Headache is a common complaint in the general population. The personal burden, social impact and economic cost for both the sufferer and society are significant [1]. The International Classification of Headache Disorders (ICHD-II) divides headaches into primary and secondary forms [2]. The most common primary headaches are migraine and tension-type headaches, while other primary headaches are rare [3]. The primary headaches are usually paroxysmal, but 3% of the general population has primary chronic headache, i.e. more than 15 headache days per months [4].

Headache accounts for 4% of the general practitioners (GPs) consultations, and 2–4% of these are referred to specialists or hospitals [5, 6]. Headache is probably the most common reason for referral to neurologists [57]. Approximately 20–30% of all new referrals to out-patients neurological departments are due to headache [5, 6, 8, 9].

Our aim was to investigate primary chronic headache in the general population in order to evaluate utility of health services and medication use, since this knowledge is generally lacking.


General design

This is a cross-sectional epidemiological survey. A short postal questionnaire screened for chronic headache (≥15 days/last month and/or ≥180 days/last year). Participants with self-reported chronic headache were invited to a clinical interview, a physical and neurological examination conducted by neurological residents. The response rate of the screening questionnaire was 71% and the participation rate of the interview was 74%. Figure 1 shows a flow chart of the study. The method has been described in more detail elsewhere [4].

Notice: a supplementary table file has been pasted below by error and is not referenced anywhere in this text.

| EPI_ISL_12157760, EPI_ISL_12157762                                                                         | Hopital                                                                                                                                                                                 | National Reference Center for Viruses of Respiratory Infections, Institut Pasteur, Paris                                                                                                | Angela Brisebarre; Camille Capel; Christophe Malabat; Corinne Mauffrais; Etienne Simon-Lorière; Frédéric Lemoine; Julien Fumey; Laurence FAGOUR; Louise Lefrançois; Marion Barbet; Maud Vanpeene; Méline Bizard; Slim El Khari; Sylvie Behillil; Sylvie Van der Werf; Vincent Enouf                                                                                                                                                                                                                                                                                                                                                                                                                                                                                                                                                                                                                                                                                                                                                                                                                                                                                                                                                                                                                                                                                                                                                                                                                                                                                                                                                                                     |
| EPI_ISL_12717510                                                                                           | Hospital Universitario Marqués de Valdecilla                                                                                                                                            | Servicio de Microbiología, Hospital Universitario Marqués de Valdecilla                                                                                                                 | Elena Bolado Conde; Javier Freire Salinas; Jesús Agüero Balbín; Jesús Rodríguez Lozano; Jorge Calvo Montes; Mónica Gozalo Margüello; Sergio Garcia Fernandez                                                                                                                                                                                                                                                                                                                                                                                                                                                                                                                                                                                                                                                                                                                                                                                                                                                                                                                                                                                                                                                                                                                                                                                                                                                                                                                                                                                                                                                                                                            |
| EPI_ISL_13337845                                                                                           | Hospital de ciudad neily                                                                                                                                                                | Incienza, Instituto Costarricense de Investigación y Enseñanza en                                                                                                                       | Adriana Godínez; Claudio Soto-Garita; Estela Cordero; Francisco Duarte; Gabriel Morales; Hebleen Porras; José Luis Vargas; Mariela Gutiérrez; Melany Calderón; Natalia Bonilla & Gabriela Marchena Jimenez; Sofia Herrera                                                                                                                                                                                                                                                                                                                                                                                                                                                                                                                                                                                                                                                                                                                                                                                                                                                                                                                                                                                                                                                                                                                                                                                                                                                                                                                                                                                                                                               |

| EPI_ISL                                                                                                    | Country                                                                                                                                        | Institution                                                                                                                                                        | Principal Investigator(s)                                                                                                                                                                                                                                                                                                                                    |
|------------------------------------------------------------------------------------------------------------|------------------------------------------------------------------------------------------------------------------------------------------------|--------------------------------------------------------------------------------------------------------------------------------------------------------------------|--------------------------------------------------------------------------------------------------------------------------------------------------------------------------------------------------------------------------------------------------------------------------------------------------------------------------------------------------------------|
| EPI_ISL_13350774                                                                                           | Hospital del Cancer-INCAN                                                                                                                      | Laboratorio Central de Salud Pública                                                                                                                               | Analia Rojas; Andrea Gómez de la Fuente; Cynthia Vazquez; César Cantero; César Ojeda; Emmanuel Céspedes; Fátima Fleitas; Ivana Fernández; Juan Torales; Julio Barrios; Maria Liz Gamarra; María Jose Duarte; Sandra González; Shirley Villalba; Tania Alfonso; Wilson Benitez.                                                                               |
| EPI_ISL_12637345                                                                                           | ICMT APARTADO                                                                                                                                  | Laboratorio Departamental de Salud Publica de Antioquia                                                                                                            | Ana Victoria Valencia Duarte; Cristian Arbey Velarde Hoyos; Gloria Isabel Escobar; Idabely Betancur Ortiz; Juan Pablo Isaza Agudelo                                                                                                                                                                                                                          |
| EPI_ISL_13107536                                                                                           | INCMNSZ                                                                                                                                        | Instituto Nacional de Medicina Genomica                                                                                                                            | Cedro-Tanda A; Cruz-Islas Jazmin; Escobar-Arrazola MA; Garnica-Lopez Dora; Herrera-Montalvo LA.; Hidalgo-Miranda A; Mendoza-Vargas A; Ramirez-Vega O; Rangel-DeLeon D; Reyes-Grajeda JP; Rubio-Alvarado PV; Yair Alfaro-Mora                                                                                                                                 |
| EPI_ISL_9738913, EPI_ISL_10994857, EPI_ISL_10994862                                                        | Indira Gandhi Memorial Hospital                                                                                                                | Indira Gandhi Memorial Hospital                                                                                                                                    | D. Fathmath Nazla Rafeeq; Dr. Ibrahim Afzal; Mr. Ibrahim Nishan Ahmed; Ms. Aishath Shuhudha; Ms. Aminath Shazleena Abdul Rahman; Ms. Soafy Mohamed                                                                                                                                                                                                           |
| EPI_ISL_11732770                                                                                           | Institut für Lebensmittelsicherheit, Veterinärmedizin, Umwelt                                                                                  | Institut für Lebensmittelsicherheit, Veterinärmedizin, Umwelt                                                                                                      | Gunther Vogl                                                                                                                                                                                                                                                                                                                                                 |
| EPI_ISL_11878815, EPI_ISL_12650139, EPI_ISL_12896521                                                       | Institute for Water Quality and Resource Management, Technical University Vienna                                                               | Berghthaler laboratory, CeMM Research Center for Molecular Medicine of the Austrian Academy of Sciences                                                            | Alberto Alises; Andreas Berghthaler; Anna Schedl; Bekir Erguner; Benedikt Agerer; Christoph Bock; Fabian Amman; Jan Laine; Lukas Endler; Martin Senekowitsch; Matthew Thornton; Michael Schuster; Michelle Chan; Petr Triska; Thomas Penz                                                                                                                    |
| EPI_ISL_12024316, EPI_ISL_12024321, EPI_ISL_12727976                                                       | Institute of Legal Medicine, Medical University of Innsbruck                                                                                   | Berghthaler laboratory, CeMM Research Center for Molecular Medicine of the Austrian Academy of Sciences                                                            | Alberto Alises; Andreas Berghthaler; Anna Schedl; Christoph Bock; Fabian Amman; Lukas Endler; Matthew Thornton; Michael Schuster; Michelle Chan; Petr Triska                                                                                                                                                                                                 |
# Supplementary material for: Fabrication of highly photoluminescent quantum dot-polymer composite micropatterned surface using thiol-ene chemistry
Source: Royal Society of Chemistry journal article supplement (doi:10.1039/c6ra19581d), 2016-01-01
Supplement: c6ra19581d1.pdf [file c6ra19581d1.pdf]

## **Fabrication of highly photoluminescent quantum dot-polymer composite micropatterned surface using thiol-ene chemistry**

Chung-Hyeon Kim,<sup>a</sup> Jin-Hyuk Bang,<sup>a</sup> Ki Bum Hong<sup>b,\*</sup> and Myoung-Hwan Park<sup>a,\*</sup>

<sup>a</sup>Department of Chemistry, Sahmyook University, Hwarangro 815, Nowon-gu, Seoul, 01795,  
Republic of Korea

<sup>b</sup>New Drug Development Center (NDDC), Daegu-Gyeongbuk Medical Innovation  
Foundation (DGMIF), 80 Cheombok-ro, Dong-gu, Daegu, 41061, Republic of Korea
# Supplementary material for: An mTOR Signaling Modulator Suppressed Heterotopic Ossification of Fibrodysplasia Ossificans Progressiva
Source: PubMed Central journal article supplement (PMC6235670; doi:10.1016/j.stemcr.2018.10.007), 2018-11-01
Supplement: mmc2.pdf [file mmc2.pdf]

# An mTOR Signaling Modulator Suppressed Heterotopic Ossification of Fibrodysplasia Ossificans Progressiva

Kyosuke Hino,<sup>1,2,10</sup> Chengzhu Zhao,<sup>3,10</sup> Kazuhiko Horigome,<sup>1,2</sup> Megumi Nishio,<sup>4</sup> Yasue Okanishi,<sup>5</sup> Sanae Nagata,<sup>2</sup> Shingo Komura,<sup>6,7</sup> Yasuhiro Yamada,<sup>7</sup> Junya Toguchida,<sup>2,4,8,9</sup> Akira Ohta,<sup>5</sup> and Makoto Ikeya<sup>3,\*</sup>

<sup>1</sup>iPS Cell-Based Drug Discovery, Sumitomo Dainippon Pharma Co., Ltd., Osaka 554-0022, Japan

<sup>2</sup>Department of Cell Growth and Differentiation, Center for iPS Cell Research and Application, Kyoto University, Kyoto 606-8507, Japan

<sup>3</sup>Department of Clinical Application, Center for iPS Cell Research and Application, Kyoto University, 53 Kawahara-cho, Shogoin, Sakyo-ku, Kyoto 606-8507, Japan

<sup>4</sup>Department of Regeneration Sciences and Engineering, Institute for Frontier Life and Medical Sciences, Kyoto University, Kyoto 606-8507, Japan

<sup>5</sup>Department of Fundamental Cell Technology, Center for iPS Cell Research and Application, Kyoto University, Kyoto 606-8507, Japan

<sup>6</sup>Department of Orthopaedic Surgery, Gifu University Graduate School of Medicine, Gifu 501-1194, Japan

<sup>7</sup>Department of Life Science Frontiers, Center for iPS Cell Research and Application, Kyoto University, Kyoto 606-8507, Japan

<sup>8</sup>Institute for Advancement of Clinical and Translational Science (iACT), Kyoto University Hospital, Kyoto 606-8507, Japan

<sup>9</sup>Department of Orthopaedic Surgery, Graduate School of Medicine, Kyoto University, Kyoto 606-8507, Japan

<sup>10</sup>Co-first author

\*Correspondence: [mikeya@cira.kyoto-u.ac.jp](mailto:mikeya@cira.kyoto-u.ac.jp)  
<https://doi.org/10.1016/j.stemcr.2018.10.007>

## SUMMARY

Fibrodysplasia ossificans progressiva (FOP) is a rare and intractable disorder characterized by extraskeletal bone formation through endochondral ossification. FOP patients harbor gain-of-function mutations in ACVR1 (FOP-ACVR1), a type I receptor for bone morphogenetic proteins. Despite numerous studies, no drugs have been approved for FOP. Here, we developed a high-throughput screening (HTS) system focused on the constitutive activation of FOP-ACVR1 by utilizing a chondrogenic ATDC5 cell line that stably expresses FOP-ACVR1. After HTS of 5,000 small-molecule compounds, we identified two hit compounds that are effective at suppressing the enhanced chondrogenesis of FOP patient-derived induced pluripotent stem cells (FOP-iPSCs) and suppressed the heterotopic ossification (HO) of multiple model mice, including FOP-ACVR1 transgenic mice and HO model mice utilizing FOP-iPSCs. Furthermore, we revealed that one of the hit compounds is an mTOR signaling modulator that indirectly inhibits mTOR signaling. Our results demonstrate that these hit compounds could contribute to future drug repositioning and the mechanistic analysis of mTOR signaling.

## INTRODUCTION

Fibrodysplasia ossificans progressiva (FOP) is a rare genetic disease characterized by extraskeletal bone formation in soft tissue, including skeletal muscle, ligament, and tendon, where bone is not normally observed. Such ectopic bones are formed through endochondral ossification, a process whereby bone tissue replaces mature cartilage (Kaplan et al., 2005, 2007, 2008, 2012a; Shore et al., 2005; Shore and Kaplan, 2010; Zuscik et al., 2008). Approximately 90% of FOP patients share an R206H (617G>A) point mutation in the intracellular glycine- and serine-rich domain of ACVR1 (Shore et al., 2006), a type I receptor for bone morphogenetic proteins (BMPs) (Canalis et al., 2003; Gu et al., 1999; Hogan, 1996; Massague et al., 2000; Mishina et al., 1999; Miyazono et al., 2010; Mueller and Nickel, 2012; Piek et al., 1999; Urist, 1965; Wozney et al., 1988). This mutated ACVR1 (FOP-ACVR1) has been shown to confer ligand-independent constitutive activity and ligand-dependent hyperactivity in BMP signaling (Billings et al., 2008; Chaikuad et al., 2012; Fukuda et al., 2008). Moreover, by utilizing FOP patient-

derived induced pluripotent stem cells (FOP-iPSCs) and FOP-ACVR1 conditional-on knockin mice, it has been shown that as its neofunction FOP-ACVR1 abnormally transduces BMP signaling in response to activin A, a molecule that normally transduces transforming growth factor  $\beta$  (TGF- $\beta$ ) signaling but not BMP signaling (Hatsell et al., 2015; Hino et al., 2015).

Fig. 1
figure 1

Flow chart of the participation


The study was conducted in 2005 at Akershus University Hospital, Oslo, Norway. Provision of health care in Norway is based on a decentralized model. The state is responsible for policy design, overall capacity and quality of health care and hospital services. Almost all general practices are private enterprises and their services are contract based. The GPs are reimbursed through a fixed annual fee, and fees for the specific services from the National Health Insurance and the patients. Each Norwegian citizen has through legislation the right to be on a GPs list, and it is possible to change GP twice a year. The GP is the gate keeper for referral to specialists and hospitals except in emergencies.


A random sample of 30,000 persons aged 30–44 years and stratified for age and gender was drawn from the general population of eastern Akershus County, Norway. The area includes rural and urban municipalities in close proximity to Oslo.

Headache classification